Feeds:
Posts
Comments

Posts Tagged ‘atmosphere’

Erik’s running buddy passed along a BBC story suggesting that cutting back on meat could have value for the planet.

Interestingly, that was the premise of Frances Moore Lappé‘s 1971 bestseller, Diet for a Small Planet, which my sister got me interested in when she was a vegetarian.

At the BBC, environment analyst Roger Harrabin notes research that confirms some of Lappé’s predictions.

“Research from Cambridge and Aberdeen universities estimates greenhouse gases from food production will go up 80% if meat and dairy consumption continues to rise at its current rate. That will make it harder to meet global targets on limiting emissions.

“The study urges eating two portions of red meat and seven of poultry per week. However that call comes as the world’s cities are seeing a boom in burger restaurants. …

“If [the trend] continues, more and more forest land or fields currently used for arable crops will be converted for use by livestock as the world’s farmers battle to keep up with demand.

“Deforestation will increase carbon emissions, and increased livestock production will raise methane levels and wider fertiliser use will further accelerate climate change. The lead researcher, Bojana Bajzelj from the University of Cambridge, said: ‘There are basic laws of biophysics that we cannot evade.’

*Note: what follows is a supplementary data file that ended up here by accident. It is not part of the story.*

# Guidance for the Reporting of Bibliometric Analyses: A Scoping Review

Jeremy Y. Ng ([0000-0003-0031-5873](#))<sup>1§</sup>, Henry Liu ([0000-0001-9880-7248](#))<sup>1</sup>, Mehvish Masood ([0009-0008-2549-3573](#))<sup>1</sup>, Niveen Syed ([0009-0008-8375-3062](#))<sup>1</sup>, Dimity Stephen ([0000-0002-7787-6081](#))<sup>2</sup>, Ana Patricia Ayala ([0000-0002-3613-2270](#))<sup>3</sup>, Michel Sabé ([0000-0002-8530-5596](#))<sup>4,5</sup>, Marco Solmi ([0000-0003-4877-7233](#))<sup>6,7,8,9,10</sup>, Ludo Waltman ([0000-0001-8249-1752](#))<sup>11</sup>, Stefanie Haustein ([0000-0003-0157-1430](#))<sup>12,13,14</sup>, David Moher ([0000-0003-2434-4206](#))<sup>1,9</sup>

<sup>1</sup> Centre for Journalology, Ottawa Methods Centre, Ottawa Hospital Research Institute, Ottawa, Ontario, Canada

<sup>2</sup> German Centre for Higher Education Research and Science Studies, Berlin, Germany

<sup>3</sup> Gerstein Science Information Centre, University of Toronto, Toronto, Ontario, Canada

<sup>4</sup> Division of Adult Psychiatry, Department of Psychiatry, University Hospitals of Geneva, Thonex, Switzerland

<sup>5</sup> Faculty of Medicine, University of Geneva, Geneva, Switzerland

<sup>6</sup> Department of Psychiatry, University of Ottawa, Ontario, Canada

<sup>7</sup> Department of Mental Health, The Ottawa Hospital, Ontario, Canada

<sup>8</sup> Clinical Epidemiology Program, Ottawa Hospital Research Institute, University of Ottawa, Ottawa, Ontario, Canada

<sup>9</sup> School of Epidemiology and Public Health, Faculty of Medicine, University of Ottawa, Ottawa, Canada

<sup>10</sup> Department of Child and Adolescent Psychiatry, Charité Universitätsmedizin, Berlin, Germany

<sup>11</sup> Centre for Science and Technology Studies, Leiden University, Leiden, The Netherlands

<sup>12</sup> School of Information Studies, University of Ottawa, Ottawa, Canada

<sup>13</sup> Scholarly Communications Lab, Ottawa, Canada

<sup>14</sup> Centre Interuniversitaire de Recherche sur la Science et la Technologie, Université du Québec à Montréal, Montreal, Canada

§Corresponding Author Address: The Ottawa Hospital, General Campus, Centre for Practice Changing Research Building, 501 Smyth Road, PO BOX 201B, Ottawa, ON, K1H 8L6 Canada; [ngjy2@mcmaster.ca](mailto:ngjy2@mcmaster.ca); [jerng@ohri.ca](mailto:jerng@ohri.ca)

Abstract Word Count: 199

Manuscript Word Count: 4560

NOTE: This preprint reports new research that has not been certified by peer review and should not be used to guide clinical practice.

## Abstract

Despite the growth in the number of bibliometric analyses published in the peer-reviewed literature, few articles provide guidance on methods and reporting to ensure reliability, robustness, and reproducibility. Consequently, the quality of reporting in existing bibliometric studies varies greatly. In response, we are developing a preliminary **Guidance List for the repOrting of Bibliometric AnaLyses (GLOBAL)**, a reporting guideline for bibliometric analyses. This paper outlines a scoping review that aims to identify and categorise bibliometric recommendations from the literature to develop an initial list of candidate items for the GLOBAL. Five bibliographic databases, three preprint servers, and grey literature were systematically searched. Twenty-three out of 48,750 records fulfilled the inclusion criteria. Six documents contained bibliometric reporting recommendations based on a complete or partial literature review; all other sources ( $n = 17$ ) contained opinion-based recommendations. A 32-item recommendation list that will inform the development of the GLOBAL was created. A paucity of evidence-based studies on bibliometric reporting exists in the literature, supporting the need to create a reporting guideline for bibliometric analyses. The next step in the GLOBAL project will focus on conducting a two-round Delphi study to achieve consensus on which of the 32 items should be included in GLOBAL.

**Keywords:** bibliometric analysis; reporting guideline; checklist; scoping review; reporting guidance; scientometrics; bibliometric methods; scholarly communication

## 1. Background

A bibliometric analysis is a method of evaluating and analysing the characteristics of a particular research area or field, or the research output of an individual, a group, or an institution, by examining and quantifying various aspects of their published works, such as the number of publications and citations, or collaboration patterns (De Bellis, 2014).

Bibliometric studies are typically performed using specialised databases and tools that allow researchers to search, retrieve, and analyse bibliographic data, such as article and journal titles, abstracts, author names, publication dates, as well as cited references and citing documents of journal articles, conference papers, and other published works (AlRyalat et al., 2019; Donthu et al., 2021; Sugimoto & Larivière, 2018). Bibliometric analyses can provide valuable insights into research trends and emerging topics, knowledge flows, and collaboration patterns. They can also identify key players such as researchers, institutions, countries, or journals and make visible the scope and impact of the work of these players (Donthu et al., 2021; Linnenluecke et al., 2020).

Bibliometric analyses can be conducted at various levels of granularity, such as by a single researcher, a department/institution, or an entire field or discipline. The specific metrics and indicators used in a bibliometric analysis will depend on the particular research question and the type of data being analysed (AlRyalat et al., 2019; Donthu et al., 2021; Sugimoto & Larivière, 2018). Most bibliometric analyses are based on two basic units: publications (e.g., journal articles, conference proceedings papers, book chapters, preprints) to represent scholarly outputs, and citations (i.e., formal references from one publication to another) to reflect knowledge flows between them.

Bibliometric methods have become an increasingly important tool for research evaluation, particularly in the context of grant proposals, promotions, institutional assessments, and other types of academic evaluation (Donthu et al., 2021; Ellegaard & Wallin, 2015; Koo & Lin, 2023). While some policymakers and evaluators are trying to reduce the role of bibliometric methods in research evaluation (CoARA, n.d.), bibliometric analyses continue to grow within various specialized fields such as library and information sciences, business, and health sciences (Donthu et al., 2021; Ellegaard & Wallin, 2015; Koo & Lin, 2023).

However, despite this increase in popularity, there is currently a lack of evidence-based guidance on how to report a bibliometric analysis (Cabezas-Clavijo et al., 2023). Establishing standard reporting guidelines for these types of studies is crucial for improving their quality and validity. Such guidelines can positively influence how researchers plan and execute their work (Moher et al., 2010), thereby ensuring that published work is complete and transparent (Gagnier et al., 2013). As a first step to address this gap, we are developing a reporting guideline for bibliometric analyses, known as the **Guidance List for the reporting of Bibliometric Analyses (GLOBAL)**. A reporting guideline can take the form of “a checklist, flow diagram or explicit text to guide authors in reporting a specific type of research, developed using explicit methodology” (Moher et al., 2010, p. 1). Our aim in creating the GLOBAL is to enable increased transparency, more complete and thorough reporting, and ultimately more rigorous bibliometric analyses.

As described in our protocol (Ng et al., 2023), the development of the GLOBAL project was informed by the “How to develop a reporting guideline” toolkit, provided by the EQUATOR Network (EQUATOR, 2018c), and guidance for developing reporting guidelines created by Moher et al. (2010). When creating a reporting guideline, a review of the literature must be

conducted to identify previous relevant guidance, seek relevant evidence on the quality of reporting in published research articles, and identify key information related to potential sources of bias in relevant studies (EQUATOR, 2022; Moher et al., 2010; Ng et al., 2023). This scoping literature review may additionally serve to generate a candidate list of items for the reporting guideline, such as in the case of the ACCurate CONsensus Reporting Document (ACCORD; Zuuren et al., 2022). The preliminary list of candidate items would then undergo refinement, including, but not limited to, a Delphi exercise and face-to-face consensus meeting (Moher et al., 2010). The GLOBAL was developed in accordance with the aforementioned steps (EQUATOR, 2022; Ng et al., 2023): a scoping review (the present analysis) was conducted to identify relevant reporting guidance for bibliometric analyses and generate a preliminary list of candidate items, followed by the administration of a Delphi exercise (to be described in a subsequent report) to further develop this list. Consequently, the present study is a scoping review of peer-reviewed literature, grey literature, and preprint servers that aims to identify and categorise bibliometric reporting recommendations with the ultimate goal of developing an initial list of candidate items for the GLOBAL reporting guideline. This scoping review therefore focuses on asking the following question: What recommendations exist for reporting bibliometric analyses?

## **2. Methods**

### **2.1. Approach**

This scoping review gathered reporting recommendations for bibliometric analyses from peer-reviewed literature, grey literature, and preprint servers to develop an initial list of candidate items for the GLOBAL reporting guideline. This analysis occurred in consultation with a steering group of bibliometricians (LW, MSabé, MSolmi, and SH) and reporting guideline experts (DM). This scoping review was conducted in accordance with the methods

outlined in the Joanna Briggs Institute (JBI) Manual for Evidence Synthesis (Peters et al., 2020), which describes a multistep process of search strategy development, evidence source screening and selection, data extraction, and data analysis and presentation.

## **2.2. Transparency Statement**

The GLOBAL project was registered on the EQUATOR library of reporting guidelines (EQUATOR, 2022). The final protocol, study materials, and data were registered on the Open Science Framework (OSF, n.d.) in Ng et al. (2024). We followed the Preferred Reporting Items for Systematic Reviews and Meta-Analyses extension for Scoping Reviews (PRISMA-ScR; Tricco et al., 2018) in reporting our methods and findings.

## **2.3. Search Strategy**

“The average efficiency of livestock converting plant feed to meat is less than 3%, and as we eat more meat, more arable cultivation is turned over to producing feedstock for animals that provide meat for humans.” Read more here. And consider going in for mushroom burgers.

I only ever made the eggplant casserole Diet for a Small Planet, but it sure was yummy.

Photo: CiteLighter-Cards
In 1971, Frances Moore Lappé wrote that raising animals for food takes resources better used elsewhere. It can also put too much methane into the atmosphere.

Read Full Post »

Joe Palca, at National Public Radio, recently had a nice report about astronomy and optics.

I thought of John and his OpticsForHire team.

“It used to be that if astronomers wanted to get rid of the blurring effects of the atmosphere,” says Palca, “they had to put their telescopes in space. But a technology called adaptive optics has changed all that.

“Adaptive optics systems use computers to analyze the light coming from a star, and then compensate for changes wrought by the atmosphere, using mirrors that can change their shapes up to 1,000 times per second. The result: To anyone on Earth peering through the telescope, the star looks like the single point of light it really is.

“The reason the atmosphere blurs light is that there are tiny changes in temperature as you go from the Earth’s surface up into space. The degree to which air bends light depends on the air’s temperature.

“With adaptive optics systems, telescopes on Earth can see nearly as clearly as those in space.” More at NPR.

Photo: Heidi B. Hammel and Imke de Pater
The near-infrared images of Uranus show the planet as seen without adaptive optics (left) and with the technology turned on (right).

Read Full Post »

%d bloggers like this: